A few years ago, the Virginia Museum of Fine Arts had an exhibit of the works of Kehinde Wiley. I had not seen his work before, and found his pieces in the exhibit shocking to the eye. Wiley managed to take traditional poses and settings from art history and infuse them with images of modern African-Americans. The pieces were jarring to the senses. As I made my way through the exhibit, it began to dawn on me why my senses were so jarred. By consistently seeing classical art featuring people with light-colored skin, I had been enculturated to expect certain images in art. The prominence of one kind of subject also created unspoken messages about value, beauty, and power. Wiley’s vibrant pieces were like an earthquake. And as someone who considers herself fairly self-aware, I found myself humbled by his work, and sorrowful for my ignorance.
I think that is why I was so surprised by an experience last week. Last Tuesday night, our family went up to Richmond to take a look at the Robert E. Lee statue and the surrounding damage to businesses and monuments. For those of you who have not been following the story, as part of the protests about George Floyd’s death and the Black Lives Matter cause, the prominent Confederate monuments in Richmond have come under fire. The statue of Robert E. Lee’s large stone plinth has been covered in graffiti, protesting George’s death, the treatment of African-Americans by the police, and systemic racism. As I took in the visceral, pain-filled cries of graffiti, as I looked at pictures of black victims of police violence surrounding the statue, whose names I have prayed for over the years, as I watched families of color take pictures in front of this once pristine, but ever-controversial, statue with a new sense of pride and defiance, what I began to understand is those who are harassed and feel helpless have been begging for our compassion for a long time – cries that could no longer be ignored when staring at that powerfully altered statue.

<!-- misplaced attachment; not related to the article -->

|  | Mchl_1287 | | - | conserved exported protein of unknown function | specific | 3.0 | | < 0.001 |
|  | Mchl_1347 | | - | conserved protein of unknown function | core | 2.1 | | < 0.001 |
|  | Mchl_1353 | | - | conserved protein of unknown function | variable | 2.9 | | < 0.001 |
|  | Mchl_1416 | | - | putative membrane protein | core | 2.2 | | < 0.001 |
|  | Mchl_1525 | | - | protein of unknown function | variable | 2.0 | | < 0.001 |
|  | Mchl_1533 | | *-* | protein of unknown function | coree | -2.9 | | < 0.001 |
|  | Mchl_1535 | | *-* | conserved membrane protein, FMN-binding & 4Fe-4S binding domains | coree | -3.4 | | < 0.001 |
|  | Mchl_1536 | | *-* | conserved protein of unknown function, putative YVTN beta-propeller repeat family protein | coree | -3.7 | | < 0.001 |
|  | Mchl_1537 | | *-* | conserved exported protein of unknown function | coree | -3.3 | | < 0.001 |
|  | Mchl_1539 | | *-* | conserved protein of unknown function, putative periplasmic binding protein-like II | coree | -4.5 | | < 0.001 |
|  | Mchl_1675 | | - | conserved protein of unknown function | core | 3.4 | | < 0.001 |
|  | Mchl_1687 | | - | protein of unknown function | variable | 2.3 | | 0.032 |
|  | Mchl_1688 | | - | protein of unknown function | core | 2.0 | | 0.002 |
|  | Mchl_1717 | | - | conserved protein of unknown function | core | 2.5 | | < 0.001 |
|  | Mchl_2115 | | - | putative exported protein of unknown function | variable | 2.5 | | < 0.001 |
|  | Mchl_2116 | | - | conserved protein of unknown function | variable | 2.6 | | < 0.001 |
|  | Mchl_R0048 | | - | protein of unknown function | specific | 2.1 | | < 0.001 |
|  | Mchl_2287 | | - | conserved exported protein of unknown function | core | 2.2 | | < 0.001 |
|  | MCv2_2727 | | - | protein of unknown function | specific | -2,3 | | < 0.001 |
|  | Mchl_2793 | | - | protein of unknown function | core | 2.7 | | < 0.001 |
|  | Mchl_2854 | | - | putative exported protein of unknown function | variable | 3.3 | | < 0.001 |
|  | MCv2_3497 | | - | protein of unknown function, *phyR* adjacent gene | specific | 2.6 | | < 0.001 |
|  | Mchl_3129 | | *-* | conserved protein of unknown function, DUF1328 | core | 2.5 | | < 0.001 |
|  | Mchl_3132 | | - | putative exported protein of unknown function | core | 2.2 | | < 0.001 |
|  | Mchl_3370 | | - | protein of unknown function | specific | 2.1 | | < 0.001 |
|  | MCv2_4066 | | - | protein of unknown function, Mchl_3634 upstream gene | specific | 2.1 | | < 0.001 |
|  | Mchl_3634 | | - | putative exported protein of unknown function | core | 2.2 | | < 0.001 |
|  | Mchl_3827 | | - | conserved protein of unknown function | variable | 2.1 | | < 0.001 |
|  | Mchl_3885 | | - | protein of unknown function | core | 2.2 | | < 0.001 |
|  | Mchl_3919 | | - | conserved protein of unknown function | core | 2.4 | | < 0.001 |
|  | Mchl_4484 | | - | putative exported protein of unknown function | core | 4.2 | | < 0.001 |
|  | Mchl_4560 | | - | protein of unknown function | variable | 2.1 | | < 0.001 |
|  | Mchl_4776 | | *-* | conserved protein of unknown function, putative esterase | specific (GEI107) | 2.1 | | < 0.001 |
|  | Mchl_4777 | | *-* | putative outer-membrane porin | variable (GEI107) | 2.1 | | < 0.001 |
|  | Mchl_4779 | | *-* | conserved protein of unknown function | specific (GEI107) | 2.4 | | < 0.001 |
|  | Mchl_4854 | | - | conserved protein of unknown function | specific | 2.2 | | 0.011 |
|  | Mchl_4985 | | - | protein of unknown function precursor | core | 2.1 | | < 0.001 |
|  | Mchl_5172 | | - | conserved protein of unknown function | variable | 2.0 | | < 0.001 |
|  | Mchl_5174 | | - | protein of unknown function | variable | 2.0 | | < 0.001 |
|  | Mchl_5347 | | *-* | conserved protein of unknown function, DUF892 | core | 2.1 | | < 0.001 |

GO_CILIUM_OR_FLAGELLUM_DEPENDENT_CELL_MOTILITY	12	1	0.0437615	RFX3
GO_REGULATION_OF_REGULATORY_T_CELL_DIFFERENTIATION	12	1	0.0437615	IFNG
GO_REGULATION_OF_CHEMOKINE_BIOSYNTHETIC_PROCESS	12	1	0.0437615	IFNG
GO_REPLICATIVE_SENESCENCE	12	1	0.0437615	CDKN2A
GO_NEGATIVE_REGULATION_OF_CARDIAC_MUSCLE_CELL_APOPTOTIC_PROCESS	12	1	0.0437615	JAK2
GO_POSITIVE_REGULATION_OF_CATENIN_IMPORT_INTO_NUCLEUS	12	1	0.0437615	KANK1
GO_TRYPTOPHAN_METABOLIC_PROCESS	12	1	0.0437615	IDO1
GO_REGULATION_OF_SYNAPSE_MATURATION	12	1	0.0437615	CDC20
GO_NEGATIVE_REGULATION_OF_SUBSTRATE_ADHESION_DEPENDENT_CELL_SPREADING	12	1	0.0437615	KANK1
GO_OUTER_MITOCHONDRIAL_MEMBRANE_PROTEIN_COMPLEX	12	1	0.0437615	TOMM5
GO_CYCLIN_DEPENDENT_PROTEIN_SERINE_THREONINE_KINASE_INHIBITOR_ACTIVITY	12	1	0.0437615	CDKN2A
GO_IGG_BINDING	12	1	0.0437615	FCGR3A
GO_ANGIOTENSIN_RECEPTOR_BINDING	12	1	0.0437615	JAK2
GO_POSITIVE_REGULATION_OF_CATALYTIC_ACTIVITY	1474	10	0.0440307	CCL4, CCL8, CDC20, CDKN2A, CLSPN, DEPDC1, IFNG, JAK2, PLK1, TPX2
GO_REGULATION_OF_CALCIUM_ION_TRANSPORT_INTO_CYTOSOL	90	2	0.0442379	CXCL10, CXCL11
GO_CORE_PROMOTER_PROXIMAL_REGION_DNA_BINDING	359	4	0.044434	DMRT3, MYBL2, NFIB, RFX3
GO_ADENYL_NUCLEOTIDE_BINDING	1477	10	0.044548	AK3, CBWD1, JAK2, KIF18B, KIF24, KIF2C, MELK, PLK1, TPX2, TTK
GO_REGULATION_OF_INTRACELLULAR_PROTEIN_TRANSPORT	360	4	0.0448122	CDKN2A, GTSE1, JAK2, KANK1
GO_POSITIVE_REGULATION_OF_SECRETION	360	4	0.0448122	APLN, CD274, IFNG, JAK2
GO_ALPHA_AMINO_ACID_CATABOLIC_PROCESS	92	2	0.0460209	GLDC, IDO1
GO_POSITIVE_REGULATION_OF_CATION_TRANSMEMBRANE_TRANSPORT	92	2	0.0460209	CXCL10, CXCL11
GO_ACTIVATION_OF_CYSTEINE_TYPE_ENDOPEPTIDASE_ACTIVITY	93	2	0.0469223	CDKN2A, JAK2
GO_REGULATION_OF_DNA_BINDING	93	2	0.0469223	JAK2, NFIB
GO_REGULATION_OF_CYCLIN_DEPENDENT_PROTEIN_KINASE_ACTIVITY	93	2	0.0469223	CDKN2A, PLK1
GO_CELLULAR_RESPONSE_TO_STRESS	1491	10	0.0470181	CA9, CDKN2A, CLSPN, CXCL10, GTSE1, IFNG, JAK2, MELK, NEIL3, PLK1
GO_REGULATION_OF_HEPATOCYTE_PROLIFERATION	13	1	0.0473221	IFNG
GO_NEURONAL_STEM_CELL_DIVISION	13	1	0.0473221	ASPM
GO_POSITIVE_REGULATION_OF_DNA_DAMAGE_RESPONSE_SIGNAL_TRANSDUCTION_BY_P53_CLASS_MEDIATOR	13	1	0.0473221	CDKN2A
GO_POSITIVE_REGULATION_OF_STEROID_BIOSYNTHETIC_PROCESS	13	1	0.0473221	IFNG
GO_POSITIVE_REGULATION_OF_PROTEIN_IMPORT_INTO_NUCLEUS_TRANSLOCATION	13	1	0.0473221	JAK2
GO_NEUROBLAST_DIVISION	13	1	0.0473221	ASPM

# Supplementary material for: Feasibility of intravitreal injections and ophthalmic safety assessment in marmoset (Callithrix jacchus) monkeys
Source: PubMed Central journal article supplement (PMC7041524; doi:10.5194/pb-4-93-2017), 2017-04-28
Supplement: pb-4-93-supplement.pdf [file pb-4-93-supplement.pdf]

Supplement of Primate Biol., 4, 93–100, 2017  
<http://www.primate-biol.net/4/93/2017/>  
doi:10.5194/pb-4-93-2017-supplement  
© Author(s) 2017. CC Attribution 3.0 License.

But mostly, I mourned again for my complacency and blindness. As a descendant of Confederate veterans, student of African-American history and politics, and pastor of a church built long before the Civil War, I know the issue of Confederate statues and monuments is sensitive. But watching what was happening at the Robert E. Lee statue created the same feeling as Kehinde Wiley’s art work: an earthquake for all in positions of privilege and power. Standing there with my family, I felt like I was on unstable ground, my complicity in systemic racism exposed, and the weight of the question pressing on my chest: what are you going to do about it?
For my brothers and sisters of color, I am sorry. I am sorry that you have had to do the work to awaken my senses instead of doing that work myself. For my brothers and sisters of European descent, we have work to do. Hickory Neck Church has been posting ways for you to engage this issue – not necessarily telling you what to do, but inviting you into the position of making yourself vulnerable to listening, learning, and acting. This is our work to do. It is hard and uncomfortable, and this post may even make you defensive. Please know that I am here – here to walk with you, here to encourage you, and here to hold us all to Jesus’ message of love. What you do next will vary widely. Maybe you can only do one small thing to start. Our invitation is do something – and keep doing something until we find ourselves doing the work of the kingdom Jesus has desired for a long time.